New Study Suggests Reduced Serotonin Levels May Be Linked to Cognitive Difficulties in Long COVID Patients
Researchers at the University of Pennsylvania have conducted a new study that indicates reduced levels of serotonin, a chemical messenger in the brain, may be a possible cause of the cognitive difficulties and memory loss experienced by individuals with long COVID.
The study, which analyzed blood samples from 58 long COVID patients, found that these individuals had significantly depleted levels of serotonin compared to a control group of 30 people who had fully recovered from COVID-19. This suggests a potential pathway linking serotonin depletion in the gut, where most serotonin is produced, to its effects in the brain.
According to the researchers, lingering viral material in the body could trigger the immune system to produce interferons, leading to inflammation and reduced absorption of tryptophan. Tryptophan is an amino acid used to make serotonin. This decreased absorption of tryptophan ultimately results in lower levels of serotonin in the body.
Additionally, the study found that persistent inflammation affected platelets, the blood cells responsible for clotting that carry serotonin throughout the body. This leads to a decrease in circulating serotonin and impairs the activity of the vagus nerve, which plays a crucial role in sending signals between the brain, gut, and other organs.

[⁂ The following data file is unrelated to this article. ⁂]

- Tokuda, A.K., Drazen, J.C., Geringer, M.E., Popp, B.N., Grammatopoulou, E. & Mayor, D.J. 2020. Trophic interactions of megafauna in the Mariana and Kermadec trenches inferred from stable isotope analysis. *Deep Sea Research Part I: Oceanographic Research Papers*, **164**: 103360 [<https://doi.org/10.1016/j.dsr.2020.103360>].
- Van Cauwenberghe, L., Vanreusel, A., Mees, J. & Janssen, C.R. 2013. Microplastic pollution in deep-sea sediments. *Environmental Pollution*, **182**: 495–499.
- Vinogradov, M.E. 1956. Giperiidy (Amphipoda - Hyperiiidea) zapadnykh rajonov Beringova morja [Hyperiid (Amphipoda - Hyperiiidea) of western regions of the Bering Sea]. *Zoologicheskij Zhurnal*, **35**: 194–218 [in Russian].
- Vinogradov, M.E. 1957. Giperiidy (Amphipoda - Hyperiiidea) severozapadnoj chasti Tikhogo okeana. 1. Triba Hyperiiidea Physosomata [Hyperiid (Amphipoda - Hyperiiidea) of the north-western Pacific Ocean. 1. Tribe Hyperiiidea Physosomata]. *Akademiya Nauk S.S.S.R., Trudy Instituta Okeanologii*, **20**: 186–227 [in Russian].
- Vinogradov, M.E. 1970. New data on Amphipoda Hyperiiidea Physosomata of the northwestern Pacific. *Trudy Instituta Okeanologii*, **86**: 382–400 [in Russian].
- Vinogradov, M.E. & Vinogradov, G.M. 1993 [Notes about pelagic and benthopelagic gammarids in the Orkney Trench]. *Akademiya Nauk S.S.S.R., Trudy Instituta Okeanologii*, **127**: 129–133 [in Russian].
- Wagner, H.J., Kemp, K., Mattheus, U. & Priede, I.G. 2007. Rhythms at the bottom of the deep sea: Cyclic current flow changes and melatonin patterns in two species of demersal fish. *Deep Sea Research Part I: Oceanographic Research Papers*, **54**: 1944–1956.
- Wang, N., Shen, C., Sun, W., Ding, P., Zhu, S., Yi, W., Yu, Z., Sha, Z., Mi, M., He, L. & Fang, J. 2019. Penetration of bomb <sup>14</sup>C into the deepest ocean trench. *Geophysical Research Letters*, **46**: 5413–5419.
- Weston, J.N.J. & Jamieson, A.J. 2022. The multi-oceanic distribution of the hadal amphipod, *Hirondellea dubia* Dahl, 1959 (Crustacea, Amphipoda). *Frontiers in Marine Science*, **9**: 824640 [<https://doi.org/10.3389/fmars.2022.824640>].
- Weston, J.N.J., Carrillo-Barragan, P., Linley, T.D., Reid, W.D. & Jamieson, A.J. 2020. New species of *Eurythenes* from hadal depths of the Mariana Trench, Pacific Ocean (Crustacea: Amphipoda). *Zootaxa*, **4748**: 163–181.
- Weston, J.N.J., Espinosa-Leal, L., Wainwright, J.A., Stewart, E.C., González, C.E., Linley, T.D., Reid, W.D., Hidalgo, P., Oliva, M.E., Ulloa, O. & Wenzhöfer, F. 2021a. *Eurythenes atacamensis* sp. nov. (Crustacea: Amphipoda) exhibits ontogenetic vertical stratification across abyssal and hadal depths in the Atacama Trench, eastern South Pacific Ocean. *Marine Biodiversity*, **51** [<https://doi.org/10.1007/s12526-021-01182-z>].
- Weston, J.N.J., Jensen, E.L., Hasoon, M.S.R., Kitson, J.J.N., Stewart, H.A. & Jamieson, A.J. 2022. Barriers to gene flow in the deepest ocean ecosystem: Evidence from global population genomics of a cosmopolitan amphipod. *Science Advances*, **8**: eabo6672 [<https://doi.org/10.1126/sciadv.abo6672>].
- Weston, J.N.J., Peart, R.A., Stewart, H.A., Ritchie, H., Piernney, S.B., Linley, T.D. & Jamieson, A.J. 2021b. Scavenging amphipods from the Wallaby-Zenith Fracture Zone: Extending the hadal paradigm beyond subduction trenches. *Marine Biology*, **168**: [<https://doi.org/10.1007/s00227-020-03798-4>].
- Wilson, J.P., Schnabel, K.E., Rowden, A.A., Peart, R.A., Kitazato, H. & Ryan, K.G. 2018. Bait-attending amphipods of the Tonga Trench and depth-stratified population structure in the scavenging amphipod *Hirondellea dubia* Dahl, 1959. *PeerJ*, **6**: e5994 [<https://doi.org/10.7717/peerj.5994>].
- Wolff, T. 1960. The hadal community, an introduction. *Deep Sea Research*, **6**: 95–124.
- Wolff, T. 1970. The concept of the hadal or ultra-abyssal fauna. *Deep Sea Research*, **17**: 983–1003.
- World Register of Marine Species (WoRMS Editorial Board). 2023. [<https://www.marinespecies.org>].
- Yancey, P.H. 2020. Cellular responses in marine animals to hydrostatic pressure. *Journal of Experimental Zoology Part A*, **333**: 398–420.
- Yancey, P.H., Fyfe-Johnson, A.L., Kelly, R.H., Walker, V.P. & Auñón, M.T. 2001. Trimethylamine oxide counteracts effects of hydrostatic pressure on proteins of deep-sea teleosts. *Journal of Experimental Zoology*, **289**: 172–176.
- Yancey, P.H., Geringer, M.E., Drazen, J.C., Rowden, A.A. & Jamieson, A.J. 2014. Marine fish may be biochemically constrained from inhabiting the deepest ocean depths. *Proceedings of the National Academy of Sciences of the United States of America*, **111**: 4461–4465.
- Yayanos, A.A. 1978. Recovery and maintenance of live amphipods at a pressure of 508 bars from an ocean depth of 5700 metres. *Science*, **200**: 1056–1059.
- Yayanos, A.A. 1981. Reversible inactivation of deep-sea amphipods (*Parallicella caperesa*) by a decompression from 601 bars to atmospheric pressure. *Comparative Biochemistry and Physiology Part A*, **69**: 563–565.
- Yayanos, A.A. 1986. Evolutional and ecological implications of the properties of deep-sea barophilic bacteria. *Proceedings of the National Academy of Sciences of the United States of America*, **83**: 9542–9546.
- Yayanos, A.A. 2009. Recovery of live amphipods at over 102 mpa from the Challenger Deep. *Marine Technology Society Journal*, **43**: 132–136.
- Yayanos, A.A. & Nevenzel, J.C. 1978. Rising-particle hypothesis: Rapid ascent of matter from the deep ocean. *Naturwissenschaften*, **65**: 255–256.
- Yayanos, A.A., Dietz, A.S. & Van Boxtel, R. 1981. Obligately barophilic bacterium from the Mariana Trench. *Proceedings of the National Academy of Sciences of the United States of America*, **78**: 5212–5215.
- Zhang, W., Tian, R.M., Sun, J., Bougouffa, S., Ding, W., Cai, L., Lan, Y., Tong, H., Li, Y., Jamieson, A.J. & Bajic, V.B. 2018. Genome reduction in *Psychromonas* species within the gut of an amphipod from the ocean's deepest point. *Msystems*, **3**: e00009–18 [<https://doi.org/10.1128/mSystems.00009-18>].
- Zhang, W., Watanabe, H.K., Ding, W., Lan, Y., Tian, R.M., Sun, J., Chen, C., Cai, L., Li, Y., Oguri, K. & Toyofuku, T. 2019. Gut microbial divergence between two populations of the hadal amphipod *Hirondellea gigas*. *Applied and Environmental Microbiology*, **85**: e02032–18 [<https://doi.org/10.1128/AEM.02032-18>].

To further investigate these findings, the researchers conducted experiments on mice that had low serotonin levels and reduced vagus nerve activity due to a viral infection. These mice performed worse on memory tests; however, when serotonin levels were restored, the memory impairments were prevented. This suggests that maintaining appropriate serotonin levels may help mitigate cognitive difficulties associated with long COVID.
While the study highlights a potential link between serotonin levels and long COVID, the researchers acknowledge the need for further human studies to confirm these findings and better understand the underlying mechanisms. Furthermore, the study raises questions about why some long COVID patients in a separate cohort did not exhibit low serotonin levels, indicating that there may be other factors at play.
The researchers hope that their findings will inspire future clinical studies to develop new tools for the diagnosis, monitoring, and treatment of long COVID. Understanding the role of serotonin and its potential impact on cognitive function could pave the way for targeted interventions in long COVID patients and improve their overall quality of life.
Overall, this study provides valuable insight into the potential biochemical factors underlying the cognitive difficulties experienced by individuals with long COVID, highlighting the critical need for further research in this field.